Still disagree strongly about cost of longer boats. There may very well be other reasons to go long, skinny, and lighter displacement, but cost is not one of them. Take two boats of the same displacement so you can have similar accommodations and similar load-carrying capability, which are two critical factors in choosing a cruising boat. However, one boat is 10 feet longer than the other, so it will be costlier to buy, and then costlier to maintain for the life of the boat. Just take one cost, haulouts. I was just looking today at a boatyard near here that charges $35 per foot for hauling and winter storage—on the low end for New England. A boat ten feet longer will be $350 extra every single year. If for some reason you want a dock space for the season, figure $100 per foot and up, meaning an extra $1000 per year minimum, if you can even find a slip big enough. Just those two items right there means someone with a boat ten feet longer is paying $1350 per year extra. Harbor charges in many places like the Med. are by the foot. Registration fees are by the foot. Bottom painting is charged by the foot in many places. It just goes on and on.


We will never be able to resolve this argument because it is impossible to make an apples to apples comparison. But I do believe that for the average cruiser, going to places the average cruiser goes and doing the things an average cruiser does boat length is directly related to cost of ownership.

Thanks for a great Web site/blog!

How much fuel do you use in a year and what is your consumption rate? Just for comparison, my 38-foot heavy (22,000 lbs) motorsailor burns about .75 gallons per hour at 6 knots, or around .5 gallon per hour at 5 knots, with an old low-tech Perkins 4.236 diesel. I suspect if I got a more modern Yanmar I could probably reduce that consumption by quite a bit. In any case, I think you probably can make a case if your fuel consumption is 50% of what a shorter boat of the same weight consumes and you burn a lot of fuel. Is a lot of that used for battery charging? You might save a lot more by adding solar panels and a wind generator.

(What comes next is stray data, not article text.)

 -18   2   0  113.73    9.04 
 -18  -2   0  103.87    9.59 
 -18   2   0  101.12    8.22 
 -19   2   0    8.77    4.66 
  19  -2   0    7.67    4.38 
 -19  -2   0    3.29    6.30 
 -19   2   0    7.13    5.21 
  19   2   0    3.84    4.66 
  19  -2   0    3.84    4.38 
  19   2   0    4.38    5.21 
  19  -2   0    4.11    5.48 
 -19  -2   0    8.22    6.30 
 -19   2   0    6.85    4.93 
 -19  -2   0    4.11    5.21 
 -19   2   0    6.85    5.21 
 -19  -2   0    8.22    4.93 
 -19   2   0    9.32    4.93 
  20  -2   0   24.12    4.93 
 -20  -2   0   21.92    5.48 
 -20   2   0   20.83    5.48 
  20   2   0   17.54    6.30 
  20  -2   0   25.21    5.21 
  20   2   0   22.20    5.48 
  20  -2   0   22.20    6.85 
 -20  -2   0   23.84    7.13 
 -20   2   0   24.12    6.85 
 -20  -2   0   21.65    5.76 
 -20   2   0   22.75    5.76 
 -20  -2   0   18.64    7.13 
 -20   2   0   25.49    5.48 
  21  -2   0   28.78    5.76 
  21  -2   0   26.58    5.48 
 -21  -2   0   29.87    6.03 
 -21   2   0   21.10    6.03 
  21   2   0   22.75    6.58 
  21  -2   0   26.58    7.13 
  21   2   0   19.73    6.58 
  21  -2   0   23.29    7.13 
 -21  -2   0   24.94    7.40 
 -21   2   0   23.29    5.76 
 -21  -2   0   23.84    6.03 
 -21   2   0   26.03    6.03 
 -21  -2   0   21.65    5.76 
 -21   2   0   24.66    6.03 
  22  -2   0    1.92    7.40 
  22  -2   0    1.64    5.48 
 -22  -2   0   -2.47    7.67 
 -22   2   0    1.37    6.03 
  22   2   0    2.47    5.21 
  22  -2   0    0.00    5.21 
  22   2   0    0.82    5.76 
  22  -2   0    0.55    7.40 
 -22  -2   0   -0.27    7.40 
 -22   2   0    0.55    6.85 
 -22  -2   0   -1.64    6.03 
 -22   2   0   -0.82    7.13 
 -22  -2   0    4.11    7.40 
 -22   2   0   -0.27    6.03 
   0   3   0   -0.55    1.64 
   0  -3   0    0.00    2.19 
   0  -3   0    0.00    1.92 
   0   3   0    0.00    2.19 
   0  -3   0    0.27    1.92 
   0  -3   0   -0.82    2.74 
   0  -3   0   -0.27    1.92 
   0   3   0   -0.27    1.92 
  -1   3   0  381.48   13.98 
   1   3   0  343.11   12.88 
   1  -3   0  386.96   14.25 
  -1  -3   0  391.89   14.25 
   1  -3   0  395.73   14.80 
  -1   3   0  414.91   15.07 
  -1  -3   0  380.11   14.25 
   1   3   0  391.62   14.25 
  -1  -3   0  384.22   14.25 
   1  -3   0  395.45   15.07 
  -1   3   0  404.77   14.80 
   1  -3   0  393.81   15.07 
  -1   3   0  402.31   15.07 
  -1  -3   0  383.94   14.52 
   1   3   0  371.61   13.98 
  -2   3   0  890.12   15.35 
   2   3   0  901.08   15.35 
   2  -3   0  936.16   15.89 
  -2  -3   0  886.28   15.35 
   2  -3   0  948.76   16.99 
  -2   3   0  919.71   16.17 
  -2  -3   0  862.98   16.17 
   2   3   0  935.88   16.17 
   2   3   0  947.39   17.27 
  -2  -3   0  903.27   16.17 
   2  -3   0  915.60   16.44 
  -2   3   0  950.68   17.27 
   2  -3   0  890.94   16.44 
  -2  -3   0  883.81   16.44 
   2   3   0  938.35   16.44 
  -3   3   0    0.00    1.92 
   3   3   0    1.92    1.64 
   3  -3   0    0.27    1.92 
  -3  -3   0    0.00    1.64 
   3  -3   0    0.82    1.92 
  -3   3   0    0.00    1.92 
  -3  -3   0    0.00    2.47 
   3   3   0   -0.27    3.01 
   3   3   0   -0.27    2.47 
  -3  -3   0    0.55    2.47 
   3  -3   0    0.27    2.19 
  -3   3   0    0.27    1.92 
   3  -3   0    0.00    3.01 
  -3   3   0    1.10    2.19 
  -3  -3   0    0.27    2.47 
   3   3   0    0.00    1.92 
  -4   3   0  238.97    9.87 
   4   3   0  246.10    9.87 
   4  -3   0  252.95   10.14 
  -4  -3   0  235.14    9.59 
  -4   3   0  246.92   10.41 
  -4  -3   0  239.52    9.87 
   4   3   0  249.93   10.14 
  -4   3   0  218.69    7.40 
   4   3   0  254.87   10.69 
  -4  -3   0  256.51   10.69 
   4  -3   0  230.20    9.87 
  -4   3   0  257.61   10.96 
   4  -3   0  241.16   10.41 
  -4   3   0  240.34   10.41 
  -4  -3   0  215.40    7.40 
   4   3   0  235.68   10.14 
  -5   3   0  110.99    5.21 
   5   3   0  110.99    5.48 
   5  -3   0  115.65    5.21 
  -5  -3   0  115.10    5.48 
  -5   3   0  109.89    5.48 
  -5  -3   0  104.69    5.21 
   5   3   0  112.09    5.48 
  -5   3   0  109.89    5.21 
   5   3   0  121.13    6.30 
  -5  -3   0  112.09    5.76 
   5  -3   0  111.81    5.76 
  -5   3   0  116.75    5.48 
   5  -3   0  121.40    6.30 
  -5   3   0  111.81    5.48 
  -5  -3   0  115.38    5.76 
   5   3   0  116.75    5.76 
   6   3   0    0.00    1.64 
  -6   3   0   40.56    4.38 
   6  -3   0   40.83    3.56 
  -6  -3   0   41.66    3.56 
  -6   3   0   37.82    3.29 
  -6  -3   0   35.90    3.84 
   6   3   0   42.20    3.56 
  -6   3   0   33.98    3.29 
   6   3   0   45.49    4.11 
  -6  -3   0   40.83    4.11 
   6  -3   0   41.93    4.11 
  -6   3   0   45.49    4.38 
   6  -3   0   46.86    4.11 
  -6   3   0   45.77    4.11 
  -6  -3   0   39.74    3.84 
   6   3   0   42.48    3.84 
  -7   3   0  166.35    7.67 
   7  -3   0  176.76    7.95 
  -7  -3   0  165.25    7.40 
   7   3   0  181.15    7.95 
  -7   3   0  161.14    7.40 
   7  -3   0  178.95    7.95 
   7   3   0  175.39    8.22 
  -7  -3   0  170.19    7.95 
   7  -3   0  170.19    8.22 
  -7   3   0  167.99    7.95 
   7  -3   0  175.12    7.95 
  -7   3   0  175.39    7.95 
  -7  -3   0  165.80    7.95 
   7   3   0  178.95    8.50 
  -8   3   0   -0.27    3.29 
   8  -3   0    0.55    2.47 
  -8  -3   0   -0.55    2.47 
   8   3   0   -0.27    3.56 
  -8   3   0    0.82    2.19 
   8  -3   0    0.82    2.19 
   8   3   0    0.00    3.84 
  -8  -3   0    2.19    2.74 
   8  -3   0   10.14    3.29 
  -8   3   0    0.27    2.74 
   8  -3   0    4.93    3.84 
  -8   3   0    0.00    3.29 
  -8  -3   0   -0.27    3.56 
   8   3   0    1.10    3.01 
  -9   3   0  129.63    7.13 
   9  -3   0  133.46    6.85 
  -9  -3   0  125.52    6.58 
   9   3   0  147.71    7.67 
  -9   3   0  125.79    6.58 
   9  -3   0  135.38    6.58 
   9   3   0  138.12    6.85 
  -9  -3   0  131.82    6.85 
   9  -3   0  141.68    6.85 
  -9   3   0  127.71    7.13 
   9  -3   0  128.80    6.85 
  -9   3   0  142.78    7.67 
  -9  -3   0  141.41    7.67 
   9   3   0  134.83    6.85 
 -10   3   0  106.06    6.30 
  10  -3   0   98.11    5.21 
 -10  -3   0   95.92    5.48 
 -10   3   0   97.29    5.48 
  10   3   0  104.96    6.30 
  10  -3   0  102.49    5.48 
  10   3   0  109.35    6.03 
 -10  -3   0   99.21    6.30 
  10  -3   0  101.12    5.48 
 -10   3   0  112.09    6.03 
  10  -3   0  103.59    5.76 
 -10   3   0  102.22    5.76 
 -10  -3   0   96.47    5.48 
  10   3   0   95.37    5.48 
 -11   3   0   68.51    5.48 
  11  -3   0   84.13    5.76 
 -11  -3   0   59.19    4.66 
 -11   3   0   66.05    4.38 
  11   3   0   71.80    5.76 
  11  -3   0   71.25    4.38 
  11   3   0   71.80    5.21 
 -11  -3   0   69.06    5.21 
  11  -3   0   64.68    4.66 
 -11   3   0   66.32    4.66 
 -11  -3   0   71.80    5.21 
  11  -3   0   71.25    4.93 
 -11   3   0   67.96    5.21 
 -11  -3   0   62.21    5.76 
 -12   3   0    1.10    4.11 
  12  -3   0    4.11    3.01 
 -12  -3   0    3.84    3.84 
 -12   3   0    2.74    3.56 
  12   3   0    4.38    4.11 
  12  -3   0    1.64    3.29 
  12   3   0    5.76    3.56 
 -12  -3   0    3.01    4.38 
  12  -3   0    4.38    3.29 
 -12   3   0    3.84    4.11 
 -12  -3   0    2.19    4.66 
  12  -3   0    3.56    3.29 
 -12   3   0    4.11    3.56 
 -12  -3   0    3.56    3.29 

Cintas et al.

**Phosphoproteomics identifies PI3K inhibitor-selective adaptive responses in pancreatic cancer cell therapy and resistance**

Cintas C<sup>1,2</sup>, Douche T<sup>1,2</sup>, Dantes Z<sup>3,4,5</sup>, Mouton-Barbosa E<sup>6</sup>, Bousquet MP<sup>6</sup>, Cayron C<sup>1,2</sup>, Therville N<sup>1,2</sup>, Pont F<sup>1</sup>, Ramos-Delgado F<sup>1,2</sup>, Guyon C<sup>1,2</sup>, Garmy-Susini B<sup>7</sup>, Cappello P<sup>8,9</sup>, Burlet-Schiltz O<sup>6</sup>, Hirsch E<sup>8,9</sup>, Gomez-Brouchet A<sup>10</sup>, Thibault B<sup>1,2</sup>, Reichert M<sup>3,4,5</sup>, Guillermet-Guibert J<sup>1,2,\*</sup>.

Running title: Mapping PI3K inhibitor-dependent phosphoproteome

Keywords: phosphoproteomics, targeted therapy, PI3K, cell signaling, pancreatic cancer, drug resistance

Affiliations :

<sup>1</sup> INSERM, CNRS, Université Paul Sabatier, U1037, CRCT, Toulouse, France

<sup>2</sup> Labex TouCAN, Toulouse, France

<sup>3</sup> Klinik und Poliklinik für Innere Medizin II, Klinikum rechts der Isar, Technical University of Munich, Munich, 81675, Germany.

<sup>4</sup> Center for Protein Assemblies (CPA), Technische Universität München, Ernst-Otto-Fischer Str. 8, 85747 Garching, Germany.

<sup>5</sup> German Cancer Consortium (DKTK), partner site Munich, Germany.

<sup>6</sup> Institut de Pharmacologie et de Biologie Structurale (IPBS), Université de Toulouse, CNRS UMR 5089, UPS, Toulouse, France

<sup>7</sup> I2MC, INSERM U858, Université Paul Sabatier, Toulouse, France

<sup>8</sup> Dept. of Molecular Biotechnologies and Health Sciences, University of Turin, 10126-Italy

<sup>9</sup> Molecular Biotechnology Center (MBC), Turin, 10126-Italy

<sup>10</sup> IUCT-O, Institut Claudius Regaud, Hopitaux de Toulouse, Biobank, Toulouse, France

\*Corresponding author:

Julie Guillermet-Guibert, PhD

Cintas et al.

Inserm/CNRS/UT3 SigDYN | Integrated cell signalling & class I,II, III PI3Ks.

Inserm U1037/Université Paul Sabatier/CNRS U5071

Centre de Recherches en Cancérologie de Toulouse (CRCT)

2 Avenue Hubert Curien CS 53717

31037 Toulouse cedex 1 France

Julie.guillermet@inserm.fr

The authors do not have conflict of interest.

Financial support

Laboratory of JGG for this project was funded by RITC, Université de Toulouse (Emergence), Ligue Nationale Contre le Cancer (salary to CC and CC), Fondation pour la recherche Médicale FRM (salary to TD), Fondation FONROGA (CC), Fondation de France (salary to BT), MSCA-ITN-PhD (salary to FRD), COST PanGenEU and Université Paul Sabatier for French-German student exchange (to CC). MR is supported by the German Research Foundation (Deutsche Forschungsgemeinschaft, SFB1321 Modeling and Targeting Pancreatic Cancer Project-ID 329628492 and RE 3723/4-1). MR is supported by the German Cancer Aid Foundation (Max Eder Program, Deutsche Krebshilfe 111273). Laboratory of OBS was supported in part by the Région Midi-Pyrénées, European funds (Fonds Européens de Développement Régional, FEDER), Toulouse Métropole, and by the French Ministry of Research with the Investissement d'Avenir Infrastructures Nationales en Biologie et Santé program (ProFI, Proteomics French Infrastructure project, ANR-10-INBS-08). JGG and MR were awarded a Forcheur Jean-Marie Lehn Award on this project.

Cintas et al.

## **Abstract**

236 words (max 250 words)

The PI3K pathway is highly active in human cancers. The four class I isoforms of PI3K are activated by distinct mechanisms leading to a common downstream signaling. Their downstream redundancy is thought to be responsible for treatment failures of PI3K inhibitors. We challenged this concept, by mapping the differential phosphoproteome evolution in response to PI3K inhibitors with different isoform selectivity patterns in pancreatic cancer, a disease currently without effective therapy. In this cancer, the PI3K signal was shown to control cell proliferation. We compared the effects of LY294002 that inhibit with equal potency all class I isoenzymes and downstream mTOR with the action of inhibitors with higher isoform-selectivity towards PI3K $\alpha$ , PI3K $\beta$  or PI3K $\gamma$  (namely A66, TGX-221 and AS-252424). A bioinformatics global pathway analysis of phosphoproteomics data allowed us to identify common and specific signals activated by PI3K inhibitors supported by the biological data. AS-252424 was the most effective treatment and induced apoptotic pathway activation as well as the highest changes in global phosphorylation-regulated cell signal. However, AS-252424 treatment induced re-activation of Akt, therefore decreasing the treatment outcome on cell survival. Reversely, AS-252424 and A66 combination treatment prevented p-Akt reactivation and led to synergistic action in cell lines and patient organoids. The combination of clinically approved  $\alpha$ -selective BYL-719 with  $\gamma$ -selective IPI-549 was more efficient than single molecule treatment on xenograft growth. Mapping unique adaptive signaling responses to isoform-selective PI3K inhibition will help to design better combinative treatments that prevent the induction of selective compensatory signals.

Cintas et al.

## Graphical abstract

By the way, we can push consumption up to a gallon an hour or more if we need to do 7 knots or more, but we’re pushing a big wave doing that. We sometimes need to do this on the ICW to catch a bridge or while traveling in company with someone on a trawler for example. We carry about 115 gallons in our main tank, so we have a pretty good range. A big torquey engine with a big three-bladed prop helps. I typically cruise at 1500 rpms or less. Red line is 2200 rpm. Beam is about 11.5 feet, I can’t recall the waterline off the top of my head, but it is fairly long, big long fin keel draws 5.5 feet. Big spade rudder. We’ve found that cruising in company with a 42-foot cat and a 50+ foot monohull we never arrived more than a few hours after the other boats on 2-3 day passages, and sometimes we arrived ahead of one or the other. Relatively heavy, short boats can be efficient too! Take a look again at some of the passages the Pardeys have made in their big little boats.

Paul Mills

How interesting,

An article by a guy known for his strong and individual views creates a discussion involving the same… 🙂

Personally I am happy with the concept of ‘individual truths’ – for example I know I look good in my raybans – whereas Hazel refuses to be seen with me wearing them ….. sometimes I wear them on purpose!

If I could afford one of his boats I would go for it and stuff the extra cost or not compared to a shorter boat.


Hi John, thanks for the recommendation and link to my blog , It means alot to me considering how much I struggled to write anything without a “see me” note attached and lots of red ink scribbled all over it at school.

The long light vs short heavy argument is interesting, I am not too sure about which way I would go if I was building a boat, but certainly not too light or too heavy (maybe disp/length 200-300). Guess I don’t like the extreme fragility and bouncy ride of a real lightweight boat, but also don’t like paying for all that lead and extra stuff on a real heavy boat. It does seem that I can make suprisingly good passage times on heavy boats, so I guess that is often a frustration heavy boat owners face, is always being labeled as slow, when the speed can be pretty good if they are well canvassed and sailed. The main thing I reckon is to make sure the boat is strong enough to take whatever can be dished out, and plenty of moderately light boats have stood the test of time, with modern materials.

I like George Buhler’s attitude, that boats are about having fun, so if you want a 16 foot brigantine, get it, as long as you are having fun.


Fun discussion here, and it is great that it remains civil, unlike on some other Web sites. Wow, John, you really do have some range in Morgan’s Cloud! That’s really great for high-latitude stuff where I know fuel stops are few and far between. By the way, when I was in college I sailed up to beyond Nain Labrador on a narrow S&S 30 footer with an old Atomic 4 gas engine and very limited tankage for both fuel and water. There were 3 of us onboard and we had a great time. No GPS, no LORAN, no radio, no windlass, and in those days some of the areas weren’t even charted! That trip taught me what small simple boats are capable of.